It’s been a couple of weeks since I have done a CSA post and we’ve almost had a full turnover in produce since last time. Here we are now, in the midst of summer in North Carolina. That means tons of tomatoes. This particular combination of made me think of Ratatouille. We make this versatile vegetable stew quite often and most of the key ingredients are already here. I am particularly fond of the recipe in the New Moosewood Cookbook. This week we were able to use fresh tomatoes instead of canned. Try it for lunch, as a side dish or with fresh scrambled eggs at breakfast.
The full list this week included:
3 bell peppers
1 pint sungolds – these are extraordinarily sweet and a great on their own or on top of a salad.
1 baggie of fresh basil
I used the peppers, eggplant and some of the tomatoes in the Ratatouille. The fresh basil and tomatoes are a can’t-miss duo. I decided to use the basil to make pesto and create a dish to pair it with the tomatoes. I came up with Grilled Bruschetta Chicken with Roasted Squash and Pesto Sauce. I really wanted to use spaghetti squash to make this a “pasta” dish but it was not to be had at the grocery store this week so I had to work with what I could get. I will post the full recipe soon.
Tonight Jacquie and I were looking for a seafood dinner. We both love crab cakes, but decided to try to make something with the frozen shrimp we already had in the freezer to be a little bit more graduate-student-budget friendly. You could easily substitute lump crabmeat in for the shrimp and turn out a delicious crab cake. In fact, this recipe was based on the gluten-free crab cake recipe from Jan’s Sushi Bar (some of the best Whole30 recipes and generally awesome food photos on the internet). One thing that really kills me when ordering crab cakes out is the amount of filler. Since this usually means breadcrumbs, this paleo option eliminates the filler in favor of some fresh onion and celery and chopped dill pickle. We served this with some fresh julienned bell pepper and carrots with whole CSA sungolds, sautéed very quickly in sunflower oil. We also added in some frozen corn that was leftover in the fridge. The cakes were topped with Sriracha-mayonnaise.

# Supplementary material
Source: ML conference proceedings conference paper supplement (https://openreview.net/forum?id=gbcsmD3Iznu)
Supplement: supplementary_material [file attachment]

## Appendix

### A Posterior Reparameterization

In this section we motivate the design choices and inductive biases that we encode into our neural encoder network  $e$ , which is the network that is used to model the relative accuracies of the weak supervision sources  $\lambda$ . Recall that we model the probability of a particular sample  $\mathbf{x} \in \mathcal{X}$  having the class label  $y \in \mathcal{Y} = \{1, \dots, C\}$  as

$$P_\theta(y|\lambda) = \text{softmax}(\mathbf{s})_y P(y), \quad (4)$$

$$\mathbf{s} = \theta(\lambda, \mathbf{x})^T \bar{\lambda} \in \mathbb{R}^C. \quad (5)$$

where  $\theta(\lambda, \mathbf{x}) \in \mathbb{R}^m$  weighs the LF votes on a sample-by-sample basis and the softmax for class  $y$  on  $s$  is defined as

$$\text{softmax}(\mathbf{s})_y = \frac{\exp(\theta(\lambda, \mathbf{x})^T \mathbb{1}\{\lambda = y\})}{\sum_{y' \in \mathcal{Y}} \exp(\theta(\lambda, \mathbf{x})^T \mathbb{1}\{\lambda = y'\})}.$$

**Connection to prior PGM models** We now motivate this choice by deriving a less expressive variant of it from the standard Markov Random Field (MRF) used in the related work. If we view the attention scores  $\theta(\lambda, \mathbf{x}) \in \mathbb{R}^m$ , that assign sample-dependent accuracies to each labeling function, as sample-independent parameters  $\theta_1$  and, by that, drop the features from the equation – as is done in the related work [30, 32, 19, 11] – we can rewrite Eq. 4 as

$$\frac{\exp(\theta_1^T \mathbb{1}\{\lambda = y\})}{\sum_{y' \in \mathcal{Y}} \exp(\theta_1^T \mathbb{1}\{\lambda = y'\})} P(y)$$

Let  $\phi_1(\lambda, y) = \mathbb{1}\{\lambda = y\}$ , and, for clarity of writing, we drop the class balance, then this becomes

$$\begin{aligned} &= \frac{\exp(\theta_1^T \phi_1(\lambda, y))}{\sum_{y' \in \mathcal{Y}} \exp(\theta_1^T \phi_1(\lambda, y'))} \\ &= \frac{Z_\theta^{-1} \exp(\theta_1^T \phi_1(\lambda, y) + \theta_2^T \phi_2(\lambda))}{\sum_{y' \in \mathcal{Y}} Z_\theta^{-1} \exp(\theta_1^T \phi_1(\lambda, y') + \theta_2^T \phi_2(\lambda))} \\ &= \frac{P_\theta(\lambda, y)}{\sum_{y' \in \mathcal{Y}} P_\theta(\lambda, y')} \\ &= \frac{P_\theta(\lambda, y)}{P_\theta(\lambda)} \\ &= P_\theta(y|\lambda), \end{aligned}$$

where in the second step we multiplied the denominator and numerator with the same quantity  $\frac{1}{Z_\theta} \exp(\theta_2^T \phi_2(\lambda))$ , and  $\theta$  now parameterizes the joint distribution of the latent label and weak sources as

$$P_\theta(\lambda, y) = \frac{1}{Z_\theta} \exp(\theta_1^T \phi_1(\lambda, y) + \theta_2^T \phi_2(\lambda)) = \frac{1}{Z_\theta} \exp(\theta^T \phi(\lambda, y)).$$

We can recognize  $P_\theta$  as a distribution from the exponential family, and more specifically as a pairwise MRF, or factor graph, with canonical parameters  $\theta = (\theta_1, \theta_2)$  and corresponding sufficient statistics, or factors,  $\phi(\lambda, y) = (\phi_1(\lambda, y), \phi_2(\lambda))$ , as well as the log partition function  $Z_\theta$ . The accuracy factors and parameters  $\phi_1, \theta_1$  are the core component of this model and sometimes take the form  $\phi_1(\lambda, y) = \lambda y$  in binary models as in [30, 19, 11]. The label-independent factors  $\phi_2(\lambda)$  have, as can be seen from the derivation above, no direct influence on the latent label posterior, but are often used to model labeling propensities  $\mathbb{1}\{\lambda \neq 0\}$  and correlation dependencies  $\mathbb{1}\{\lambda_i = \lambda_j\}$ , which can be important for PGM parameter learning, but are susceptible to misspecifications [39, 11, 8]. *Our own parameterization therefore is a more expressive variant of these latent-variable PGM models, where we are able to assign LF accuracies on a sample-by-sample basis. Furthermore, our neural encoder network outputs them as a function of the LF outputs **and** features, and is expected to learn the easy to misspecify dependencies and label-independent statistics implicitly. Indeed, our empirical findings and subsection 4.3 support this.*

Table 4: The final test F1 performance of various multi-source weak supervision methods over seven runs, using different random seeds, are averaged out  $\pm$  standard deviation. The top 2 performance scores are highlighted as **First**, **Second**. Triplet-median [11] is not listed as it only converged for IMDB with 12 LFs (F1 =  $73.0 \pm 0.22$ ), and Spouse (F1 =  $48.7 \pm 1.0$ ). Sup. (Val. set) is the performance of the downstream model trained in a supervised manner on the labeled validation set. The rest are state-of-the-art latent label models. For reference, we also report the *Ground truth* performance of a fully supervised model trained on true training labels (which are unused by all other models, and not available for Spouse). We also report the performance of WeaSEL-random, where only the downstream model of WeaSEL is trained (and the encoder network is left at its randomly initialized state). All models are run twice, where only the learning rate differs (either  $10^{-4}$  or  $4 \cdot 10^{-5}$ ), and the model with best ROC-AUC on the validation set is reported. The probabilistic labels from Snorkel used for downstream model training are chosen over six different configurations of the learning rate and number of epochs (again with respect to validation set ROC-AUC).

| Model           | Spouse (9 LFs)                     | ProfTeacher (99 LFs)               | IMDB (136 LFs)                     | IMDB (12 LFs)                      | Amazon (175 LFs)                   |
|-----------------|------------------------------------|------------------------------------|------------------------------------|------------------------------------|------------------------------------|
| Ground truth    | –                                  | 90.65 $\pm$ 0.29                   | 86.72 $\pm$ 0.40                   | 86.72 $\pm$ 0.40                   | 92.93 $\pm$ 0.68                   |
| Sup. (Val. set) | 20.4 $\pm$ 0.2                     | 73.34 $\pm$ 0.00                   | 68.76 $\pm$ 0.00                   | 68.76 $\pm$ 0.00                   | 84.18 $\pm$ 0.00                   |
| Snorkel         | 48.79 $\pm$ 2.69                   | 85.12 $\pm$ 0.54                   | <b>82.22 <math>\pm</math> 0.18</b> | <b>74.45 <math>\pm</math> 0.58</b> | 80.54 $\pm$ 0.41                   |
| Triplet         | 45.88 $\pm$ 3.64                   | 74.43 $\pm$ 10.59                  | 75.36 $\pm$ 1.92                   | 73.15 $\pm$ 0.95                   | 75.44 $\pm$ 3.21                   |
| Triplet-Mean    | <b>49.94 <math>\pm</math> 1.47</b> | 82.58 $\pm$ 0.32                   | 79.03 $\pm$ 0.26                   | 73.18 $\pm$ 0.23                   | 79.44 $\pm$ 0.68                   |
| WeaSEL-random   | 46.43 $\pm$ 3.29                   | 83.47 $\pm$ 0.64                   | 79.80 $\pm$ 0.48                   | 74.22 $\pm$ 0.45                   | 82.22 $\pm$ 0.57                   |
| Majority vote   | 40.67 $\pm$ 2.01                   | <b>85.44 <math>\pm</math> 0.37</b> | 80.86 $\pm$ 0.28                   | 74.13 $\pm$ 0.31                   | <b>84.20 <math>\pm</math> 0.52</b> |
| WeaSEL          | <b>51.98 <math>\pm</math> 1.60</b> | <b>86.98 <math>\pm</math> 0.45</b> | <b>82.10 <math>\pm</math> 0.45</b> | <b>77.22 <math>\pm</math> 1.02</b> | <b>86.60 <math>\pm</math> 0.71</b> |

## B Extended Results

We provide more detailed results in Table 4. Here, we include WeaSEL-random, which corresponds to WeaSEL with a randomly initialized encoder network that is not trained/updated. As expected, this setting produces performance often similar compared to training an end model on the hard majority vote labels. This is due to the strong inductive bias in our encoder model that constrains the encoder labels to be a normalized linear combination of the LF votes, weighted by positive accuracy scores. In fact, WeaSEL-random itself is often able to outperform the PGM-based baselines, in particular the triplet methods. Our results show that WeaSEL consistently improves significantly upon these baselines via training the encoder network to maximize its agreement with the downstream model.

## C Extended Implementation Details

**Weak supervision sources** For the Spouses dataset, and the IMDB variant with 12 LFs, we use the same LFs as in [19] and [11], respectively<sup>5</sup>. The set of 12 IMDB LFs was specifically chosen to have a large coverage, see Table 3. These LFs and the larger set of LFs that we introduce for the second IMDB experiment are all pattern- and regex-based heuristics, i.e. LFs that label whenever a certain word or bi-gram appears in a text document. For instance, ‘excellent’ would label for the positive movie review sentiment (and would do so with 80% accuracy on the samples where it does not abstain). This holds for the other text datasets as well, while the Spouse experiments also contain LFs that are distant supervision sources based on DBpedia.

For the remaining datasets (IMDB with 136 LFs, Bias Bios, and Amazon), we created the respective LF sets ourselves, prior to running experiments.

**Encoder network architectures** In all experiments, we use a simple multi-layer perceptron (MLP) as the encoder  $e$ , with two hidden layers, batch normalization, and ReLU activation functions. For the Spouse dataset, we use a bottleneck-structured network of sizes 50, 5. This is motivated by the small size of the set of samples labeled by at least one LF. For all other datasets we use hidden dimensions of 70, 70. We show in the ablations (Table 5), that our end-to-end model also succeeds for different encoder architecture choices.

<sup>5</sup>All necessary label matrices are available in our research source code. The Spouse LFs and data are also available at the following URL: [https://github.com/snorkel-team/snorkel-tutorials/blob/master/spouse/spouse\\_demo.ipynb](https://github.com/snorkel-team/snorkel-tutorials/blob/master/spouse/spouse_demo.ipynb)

12 uncooked shrimp, peeled and deveined
1/2 small onion, minced
1 stalk celery, minced
1 dill pickle spear, minced
2 tbsp mayonnaise
1 tbsp whole grain mustard
1 tsp old bay seasoning
2 tbsp coconut flour
1 egg, beaten
few grinds of fresh black pepper
Add the shrimp to food processor and pulse a few times to chop. Be careful to leave a good amount of texture and not to puree the shrimp. Alternatively, you could chop them by hand. Combine the chopped shrimp with the rest of the ingredients, except for the coconut oil in a bowl. Form into four cakes and set on parchment paper in the refrigerator for about 30 minutes. Heat coconut oil in a skillet and fry the cakes for 3-4 minutes on each side until golden brown. Serve with a squeeze of fresh lemon and Sriracha-mayonnaise.
Believe it or not, this meal started with me creating something to use fresh beets I got in last week’s CSA. When I see them, it’s really hard for me not to think about fresh roasted beets. Next time I’m going to try incorporating them into something raw. I actually got the inspiration for the salmon recipe from the Trader Joe’s package. < aside >Why does Trader Joe’s sell their frozen fish in packages of three fillets? I realize it’s about a pound but three is not a convenient number. <\aside> I used Silverbrite because it was inexpensive, but next time I would use a brighter variety such as Coho or Sockeye. The vinaigrette for the salad paired perfectly with the pan sauce.
4 3-4 oz. salmon fillets
2 T olive oil
2 T grass-fed butter
2 T whole-grain mustard
2 T water
2 T lemon juice
1 T honey
Heat a sauté pan and add olive oil and butter. Once the butter is melted add the mustard and cook for about a minute until the mustard seeds are lightly toasted. Add the salmon and cook about 3 minutes on each side. Add the water, cover and cook until the fish is cooked through (mine took about 5 more minutes). Remove the fish from the pan, add lemon juice to deglaze the pan. Add honey and cook until the pan sauce is reduced, 2-3 minutes.
6 T olive oil
3 T champagne vinegar
1 T whole-grain mustard
fresh-ground black pepper
Blend the ingredients (a magic bullet works really well for this type of thing). Alternatively, whisk the oil, vinegar and mustard, then stir in the finely minced shallot.